Who’s right? Who’s wrong?

Why can’t there be a win-win in the NB Power/HQ deal?  If you look at the broad strokes of the deal it can be a win win.  We get cheaper, cleaner power and HQ gets a good market for its hydro and another access route to the U.S. market.

That is my analysis but the bulk of respondents to this blog and elsewhere think it’s a crappy deal for New Brunswick and now the eminent Montreal Economic Institute is telling us it’s a crappy deal for Quebec.

The MEI concludes “the price is more than double NB Power’s probable value” and the grand finale “This deal is not acceptable as currently structured. The price is too high for the benefits to be obtained.”
It will be curious to see if the MEI analysis gets any traction in Quebec.  Please send me any stories (French or English) that cover it. 
Obviously we now have the full spectrum.  Those opponents here are saying that the deal massively undervalues NB Power and the view from the MEI is the deal is massively overvalued.
And the band plays on.

5 thoughts on “Who’s right? Who’s wrong?

  1. This is further evidence that both sides are trying to rush through a deal that they were ill-prepared to negotiate.

    After intense pressure, the NB government just recently engaged energy experts to complete a market assessment for the value of NB Power. Can you imagine entering negotiations without this information available? How can anyone judge any offer or deal without understanding the market value of what you are selling?

    I would expect that Hydro Quebec would, or should, complete a market assessment on the NB Power assets, the customer base with residential rates locked in at premium prices and the strategic value of the transmission capacity. Since there are judgements and estimates involved, the Quebec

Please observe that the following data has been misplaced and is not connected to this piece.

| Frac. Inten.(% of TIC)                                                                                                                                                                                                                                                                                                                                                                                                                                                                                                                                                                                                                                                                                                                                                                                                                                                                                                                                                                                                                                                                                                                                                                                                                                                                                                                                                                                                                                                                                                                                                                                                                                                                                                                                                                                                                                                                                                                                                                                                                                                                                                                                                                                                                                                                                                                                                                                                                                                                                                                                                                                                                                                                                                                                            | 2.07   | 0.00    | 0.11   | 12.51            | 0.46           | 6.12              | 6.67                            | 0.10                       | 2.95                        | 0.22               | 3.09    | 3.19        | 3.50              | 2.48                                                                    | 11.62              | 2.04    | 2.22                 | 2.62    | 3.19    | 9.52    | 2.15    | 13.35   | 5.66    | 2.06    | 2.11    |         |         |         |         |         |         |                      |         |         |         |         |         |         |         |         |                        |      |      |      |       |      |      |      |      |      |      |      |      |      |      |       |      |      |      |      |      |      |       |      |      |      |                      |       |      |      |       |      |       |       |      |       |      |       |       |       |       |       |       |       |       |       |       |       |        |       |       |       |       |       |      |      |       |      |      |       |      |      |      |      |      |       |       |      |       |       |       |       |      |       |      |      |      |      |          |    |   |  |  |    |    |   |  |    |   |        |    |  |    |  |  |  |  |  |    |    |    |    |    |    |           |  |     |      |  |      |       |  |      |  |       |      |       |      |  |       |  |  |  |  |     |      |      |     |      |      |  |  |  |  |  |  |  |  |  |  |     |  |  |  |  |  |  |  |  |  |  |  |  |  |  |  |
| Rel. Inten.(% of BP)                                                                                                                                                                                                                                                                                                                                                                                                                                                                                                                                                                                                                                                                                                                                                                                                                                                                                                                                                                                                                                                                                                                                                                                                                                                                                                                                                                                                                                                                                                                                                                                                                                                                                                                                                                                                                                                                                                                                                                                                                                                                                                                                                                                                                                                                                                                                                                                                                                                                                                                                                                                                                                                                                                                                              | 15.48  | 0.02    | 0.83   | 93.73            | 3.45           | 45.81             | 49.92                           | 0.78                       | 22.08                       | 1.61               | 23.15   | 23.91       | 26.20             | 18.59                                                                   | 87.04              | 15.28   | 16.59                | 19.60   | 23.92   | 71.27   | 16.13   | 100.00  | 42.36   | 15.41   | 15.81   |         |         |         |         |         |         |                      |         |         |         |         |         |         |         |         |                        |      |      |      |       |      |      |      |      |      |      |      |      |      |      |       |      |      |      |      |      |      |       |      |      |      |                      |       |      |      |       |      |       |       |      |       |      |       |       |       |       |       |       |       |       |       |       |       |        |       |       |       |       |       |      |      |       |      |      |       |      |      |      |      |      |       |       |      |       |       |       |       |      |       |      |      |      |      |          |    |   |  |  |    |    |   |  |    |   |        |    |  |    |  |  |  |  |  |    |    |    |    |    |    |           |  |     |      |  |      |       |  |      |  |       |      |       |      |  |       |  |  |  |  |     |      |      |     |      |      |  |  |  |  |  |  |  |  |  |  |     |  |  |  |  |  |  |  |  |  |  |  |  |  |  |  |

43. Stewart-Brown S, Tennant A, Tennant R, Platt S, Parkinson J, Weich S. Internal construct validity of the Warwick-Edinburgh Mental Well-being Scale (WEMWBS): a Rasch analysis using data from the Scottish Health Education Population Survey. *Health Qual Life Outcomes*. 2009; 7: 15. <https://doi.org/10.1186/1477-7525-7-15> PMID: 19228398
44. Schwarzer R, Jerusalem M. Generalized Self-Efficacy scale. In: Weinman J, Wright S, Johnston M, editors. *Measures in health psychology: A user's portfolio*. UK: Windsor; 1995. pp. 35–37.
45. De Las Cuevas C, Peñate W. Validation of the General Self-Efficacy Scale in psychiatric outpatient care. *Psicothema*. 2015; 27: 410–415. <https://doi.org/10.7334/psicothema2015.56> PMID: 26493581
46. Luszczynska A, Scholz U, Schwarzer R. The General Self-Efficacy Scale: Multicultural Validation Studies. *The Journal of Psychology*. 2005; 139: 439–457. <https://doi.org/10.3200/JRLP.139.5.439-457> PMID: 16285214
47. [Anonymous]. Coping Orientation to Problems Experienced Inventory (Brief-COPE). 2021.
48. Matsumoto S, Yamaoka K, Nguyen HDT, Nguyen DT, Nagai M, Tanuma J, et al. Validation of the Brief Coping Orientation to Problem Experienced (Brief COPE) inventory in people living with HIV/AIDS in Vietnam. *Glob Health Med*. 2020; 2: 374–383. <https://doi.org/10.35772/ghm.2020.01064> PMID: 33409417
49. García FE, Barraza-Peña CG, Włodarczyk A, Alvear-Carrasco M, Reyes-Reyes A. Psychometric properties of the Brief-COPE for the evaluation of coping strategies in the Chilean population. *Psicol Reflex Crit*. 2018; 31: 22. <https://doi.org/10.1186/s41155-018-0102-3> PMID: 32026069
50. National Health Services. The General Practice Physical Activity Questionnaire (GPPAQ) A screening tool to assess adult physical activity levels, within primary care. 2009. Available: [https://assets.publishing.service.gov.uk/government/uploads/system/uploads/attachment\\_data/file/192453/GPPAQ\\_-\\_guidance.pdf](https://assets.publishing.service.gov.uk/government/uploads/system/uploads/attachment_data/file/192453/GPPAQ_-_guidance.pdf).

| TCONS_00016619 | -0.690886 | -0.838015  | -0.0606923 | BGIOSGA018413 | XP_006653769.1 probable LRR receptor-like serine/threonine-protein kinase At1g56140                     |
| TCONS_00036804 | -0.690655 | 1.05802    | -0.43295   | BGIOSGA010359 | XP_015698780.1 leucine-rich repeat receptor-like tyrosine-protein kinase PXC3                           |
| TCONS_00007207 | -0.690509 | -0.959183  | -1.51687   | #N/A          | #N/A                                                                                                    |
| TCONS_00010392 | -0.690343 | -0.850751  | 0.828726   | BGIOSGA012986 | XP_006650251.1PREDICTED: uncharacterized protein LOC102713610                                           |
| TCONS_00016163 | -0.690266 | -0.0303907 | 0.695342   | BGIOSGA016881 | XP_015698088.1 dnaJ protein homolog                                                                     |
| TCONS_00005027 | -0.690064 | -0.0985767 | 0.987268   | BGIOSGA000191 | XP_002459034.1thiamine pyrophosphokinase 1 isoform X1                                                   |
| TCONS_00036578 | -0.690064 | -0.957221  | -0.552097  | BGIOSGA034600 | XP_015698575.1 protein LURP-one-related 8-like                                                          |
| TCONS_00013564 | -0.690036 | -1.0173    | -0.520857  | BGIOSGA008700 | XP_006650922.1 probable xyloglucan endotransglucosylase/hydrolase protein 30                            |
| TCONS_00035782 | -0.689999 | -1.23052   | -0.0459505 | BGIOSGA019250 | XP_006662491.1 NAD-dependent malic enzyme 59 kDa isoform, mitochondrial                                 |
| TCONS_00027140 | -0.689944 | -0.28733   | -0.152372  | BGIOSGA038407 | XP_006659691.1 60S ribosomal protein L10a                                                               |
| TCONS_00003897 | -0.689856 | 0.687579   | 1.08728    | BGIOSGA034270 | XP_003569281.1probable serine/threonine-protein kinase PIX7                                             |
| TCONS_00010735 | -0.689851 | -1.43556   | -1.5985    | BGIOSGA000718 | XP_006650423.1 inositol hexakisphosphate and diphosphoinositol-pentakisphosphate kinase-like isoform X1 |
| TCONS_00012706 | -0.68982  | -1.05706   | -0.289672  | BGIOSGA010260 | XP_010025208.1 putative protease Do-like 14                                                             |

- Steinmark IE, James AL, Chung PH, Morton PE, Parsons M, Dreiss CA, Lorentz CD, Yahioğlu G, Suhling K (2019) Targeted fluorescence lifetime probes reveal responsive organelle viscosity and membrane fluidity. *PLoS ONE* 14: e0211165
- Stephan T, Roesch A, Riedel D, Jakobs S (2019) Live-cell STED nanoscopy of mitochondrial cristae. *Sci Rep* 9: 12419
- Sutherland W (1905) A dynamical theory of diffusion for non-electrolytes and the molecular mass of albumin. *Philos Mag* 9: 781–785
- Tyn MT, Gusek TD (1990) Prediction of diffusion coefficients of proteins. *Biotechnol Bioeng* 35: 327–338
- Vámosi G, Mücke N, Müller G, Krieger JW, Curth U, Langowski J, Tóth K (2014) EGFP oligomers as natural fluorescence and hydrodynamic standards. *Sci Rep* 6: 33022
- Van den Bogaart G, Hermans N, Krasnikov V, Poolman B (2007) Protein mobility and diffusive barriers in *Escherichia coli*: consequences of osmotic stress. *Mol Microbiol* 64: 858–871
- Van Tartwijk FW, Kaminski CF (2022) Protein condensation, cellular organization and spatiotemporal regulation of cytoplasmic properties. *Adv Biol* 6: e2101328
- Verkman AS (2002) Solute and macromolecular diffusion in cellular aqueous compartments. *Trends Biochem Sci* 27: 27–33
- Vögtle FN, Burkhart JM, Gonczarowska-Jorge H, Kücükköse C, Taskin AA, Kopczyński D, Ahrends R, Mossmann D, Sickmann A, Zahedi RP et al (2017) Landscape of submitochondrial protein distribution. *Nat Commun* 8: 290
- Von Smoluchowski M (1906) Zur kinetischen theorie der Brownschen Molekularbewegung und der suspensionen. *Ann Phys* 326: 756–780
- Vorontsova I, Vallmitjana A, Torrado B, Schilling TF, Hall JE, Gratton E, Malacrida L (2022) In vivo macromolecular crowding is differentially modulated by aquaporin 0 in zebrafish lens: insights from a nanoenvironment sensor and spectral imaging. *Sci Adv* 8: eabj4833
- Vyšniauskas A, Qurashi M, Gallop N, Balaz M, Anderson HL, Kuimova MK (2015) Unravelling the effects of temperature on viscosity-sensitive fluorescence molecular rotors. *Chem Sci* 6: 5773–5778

2. Uh, how exactly will you get ‘cheaper’ power? They’ve NEVER said that it will be cheaper, although as mentioned TONS of times, its well within NBs power RIGHT NOW to make it ‘cleaner’.

    It COULD be a ‘win win’, although thats semantic. Even if it was fantastic, there is still no NB Power, and some people WANT NB Power, so they can’t ‘win’.

    But that underscores the whole nature of this-that it is a political problem. Had the government spent six months putting out info and independant analysis of NB Power, then brought up selling, then talked publicly to various parties, then it probably would be different.

    But again, this is a PUBLIC utility, and people have the right to refuse even GREAT deals.

  3. The Montreal Economic Institute is very naive in their view that Quebec is somehow a mecca for strong entrepreneurial activity and a haven for small and medium business. They are a subsidy pit for big business. Take away those grants from CIDA, DIPP and TPC to Bombardier and Lavalin and just see how great their commerce would be. If Quebec Hydro couldn’t float another bond, they’d have had a whole different perspective on James Bay expansion and their current ability to export electricity. Not to mention, they would have no time or interest in taking on risky ventures like a fledgling utility.

  4. “The Montreal Economic Institute is very naive in their view that Quebec is somehow a mecca for strong entrepreneurial activity ”

    That’s not their view at all. If you go thru their pubs, you will see that the MEI is very much an eastern version of the Fraser Insitute.

    Are there data showing that Quebec is more of a ‘subsidy pit’ than other provinces?

  5. My public policy spidy senses tell me if both sides of the analysis (MEI and AIMS) are claiming bad, it must be a good deal.

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